The USDOL recently announced that it will continue its Payroll Audit Independent Determination (PAID) program, and wasted no time beginning its efforts to further educate employers and attorneys about the benefits of the program.
In an opinion illustrating the tangled web we weave when de-facto legislation takes place outside of Congress, the Ninth Circuit in Marsh v. J. Alexander's gave deference to the USDOL's sub-regulatory "20% Rule", restricting an FLSA tipped employee's activities, essentially on the basis that the agency's position was previously available online and that employers were therefore presumed to have notice of its potential effect.
USDOL's recent Field Assistance Bulletin outlines the factors to be considered when the agency is evaluating independent contractor status.
After 80 years with the USDOL, the FLSA needs a shakeup. The problem is that, even as we anxiously await proposed regulations from the current agency and contemplate how things might be under a potential new one, it’s the 80-year-old law that needs change, and not just because it is outdated.
Changes from USDOL have been numerous and fast paced. Take a second to look back on what has already happened in the federal wage and hour world in 2018, and what is yet to come.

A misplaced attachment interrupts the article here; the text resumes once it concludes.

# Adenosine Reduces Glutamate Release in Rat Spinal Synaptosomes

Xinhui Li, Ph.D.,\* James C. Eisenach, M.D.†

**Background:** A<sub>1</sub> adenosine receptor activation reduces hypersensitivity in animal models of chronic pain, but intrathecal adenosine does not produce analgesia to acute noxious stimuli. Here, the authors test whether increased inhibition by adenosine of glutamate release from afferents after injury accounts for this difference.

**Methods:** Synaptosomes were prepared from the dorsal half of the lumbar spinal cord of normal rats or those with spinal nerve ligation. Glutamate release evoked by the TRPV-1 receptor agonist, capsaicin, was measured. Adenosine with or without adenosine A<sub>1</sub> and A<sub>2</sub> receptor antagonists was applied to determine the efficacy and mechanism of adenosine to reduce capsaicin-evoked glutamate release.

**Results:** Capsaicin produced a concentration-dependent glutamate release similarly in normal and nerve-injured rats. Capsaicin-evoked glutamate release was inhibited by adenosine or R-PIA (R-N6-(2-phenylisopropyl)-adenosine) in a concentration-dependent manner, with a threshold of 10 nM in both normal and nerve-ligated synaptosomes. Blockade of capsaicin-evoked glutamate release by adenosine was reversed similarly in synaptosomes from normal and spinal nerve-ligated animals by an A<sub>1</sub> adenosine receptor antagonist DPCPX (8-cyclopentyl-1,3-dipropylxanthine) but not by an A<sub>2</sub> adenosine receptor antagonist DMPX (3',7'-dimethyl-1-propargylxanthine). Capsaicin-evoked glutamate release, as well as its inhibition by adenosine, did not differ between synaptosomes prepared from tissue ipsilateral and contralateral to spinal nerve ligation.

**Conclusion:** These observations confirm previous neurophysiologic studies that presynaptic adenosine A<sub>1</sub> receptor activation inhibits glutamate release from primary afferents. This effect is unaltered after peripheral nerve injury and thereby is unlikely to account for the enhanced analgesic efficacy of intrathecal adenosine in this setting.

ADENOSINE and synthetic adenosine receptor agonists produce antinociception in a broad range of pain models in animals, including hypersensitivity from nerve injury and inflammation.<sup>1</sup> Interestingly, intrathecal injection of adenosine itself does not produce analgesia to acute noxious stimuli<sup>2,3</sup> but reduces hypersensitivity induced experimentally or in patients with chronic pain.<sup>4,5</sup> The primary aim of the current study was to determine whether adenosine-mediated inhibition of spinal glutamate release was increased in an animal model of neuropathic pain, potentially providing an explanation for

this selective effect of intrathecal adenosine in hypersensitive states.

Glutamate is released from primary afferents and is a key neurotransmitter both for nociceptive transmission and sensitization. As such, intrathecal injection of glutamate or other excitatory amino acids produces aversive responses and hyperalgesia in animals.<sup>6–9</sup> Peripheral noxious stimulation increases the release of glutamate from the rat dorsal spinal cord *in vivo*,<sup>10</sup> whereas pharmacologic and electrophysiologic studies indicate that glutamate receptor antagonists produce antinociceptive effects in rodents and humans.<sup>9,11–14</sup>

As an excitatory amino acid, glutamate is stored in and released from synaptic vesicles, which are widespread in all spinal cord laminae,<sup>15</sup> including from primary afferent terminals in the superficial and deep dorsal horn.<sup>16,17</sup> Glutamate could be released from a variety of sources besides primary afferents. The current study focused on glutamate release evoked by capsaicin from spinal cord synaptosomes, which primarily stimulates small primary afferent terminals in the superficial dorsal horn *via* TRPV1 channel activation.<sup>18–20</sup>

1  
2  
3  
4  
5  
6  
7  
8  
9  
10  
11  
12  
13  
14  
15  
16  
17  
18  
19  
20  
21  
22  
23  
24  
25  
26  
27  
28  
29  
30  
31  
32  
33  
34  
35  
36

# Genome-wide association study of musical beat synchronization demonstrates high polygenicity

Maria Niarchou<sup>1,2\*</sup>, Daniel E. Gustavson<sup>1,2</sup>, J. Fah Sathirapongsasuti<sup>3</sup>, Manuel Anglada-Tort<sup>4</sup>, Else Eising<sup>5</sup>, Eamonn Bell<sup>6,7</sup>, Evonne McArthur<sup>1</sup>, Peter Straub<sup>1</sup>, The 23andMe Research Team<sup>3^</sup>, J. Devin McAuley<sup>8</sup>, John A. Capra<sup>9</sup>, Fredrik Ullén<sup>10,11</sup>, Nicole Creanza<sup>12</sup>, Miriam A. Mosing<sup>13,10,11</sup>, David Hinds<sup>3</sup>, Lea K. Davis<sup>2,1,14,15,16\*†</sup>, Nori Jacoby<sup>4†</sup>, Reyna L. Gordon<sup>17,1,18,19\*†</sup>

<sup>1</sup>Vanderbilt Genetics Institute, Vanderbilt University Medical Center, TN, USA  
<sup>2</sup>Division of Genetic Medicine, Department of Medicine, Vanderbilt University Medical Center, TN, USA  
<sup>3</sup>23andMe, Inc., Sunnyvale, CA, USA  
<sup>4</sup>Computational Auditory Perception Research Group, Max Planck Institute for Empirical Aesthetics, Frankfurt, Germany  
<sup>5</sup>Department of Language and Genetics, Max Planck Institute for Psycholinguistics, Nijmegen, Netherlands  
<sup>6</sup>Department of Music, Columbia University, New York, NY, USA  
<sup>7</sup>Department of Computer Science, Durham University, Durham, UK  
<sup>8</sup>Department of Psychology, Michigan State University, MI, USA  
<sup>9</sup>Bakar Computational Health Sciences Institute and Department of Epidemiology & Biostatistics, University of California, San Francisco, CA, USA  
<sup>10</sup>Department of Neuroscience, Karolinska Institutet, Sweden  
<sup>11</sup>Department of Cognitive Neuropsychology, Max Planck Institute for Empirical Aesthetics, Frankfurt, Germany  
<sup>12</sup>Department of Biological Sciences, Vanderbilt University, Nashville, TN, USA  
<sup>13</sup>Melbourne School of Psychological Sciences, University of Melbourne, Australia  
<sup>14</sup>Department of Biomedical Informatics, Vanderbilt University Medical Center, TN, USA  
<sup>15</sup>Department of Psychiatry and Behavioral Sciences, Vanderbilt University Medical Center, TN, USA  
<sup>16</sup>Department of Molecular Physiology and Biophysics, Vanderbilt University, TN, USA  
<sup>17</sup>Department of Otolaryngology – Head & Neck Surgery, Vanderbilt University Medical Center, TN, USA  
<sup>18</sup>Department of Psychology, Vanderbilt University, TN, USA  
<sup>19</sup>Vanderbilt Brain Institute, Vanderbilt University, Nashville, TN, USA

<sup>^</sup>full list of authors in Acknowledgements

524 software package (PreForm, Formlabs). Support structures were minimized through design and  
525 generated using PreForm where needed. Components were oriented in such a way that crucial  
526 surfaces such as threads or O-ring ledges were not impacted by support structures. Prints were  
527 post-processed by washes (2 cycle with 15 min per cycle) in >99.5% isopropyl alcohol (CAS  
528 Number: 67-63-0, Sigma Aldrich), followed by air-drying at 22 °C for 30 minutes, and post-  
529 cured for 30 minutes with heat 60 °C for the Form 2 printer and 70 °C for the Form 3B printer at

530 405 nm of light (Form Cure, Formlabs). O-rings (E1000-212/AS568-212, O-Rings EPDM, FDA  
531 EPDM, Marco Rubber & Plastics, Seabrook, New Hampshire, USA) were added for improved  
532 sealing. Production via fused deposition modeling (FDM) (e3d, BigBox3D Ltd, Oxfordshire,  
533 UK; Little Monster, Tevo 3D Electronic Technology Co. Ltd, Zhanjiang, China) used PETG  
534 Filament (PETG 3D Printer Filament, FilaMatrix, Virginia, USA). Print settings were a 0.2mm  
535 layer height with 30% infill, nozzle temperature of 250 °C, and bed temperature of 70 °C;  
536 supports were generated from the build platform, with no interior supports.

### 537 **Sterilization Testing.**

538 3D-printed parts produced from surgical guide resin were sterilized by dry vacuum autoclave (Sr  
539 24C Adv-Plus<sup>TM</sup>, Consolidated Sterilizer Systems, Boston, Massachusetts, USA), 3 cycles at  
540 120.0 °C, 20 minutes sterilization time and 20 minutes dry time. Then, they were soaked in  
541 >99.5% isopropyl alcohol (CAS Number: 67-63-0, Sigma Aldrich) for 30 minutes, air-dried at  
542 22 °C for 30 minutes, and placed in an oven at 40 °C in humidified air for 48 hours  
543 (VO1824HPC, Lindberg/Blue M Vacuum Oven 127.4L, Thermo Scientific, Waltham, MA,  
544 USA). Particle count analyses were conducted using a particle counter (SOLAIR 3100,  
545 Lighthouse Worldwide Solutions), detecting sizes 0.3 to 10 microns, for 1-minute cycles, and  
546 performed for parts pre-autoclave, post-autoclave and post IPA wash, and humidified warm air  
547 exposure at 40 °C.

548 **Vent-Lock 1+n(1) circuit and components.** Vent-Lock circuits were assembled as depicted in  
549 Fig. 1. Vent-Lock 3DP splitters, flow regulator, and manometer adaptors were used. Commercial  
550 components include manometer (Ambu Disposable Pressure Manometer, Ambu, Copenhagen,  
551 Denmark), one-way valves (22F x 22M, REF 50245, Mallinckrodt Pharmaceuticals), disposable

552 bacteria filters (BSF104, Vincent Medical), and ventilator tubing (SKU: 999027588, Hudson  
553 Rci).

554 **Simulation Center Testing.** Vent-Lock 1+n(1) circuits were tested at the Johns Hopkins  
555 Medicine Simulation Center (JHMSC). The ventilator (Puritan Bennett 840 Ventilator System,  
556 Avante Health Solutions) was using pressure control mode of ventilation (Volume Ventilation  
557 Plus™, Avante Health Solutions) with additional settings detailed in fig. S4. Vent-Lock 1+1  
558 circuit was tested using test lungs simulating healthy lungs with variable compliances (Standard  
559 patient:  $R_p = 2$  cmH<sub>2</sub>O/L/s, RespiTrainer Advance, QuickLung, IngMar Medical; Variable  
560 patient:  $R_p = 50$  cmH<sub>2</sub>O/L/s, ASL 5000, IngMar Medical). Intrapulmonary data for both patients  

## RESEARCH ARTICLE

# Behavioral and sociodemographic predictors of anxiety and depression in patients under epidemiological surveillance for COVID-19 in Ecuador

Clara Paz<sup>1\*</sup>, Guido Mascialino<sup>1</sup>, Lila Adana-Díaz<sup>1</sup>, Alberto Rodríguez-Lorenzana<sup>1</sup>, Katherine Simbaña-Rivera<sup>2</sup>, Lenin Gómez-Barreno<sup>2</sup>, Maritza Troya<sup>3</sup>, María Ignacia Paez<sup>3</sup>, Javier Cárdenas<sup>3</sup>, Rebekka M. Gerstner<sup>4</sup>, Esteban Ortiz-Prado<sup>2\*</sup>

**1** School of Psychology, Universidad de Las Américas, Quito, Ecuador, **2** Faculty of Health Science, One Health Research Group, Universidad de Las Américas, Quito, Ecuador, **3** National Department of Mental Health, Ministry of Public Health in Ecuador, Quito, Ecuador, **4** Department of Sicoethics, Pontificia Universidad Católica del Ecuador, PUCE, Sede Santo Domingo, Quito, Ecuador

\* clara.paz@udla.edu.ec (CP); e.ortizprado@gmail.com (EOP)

USDOL's Payroll Audit Independent Determination (PAID) pilot program is meant to provide employers with the framework to proactively resolve potential FLSA claims. Nonetheless, on the whole, it seems that the benefits and risks are not particularly distinguishable from an investigation.
Ringing in 2018, the U.S. Department of Labor is increasing the maximum civil money penalties available for certain FLSA violations.
Legislation pending in the House and the Senate would radically transform federal wage-hour requirements and enforcement.
Management's signing a U.S. Wage and Hour Division "Summary of Unpaid Wages" on-the-spot might complicate later challenges to the factual assumptions, reasoning, and/or legal conclusions underlying the back-wages assessed.
After more than a year, USDOL has finally disclosed at least some information concerning its "policy" of sometimes insisting that an employer pay liquidated damages as a condition of resolving alleged FLSA violations at the investigative stage.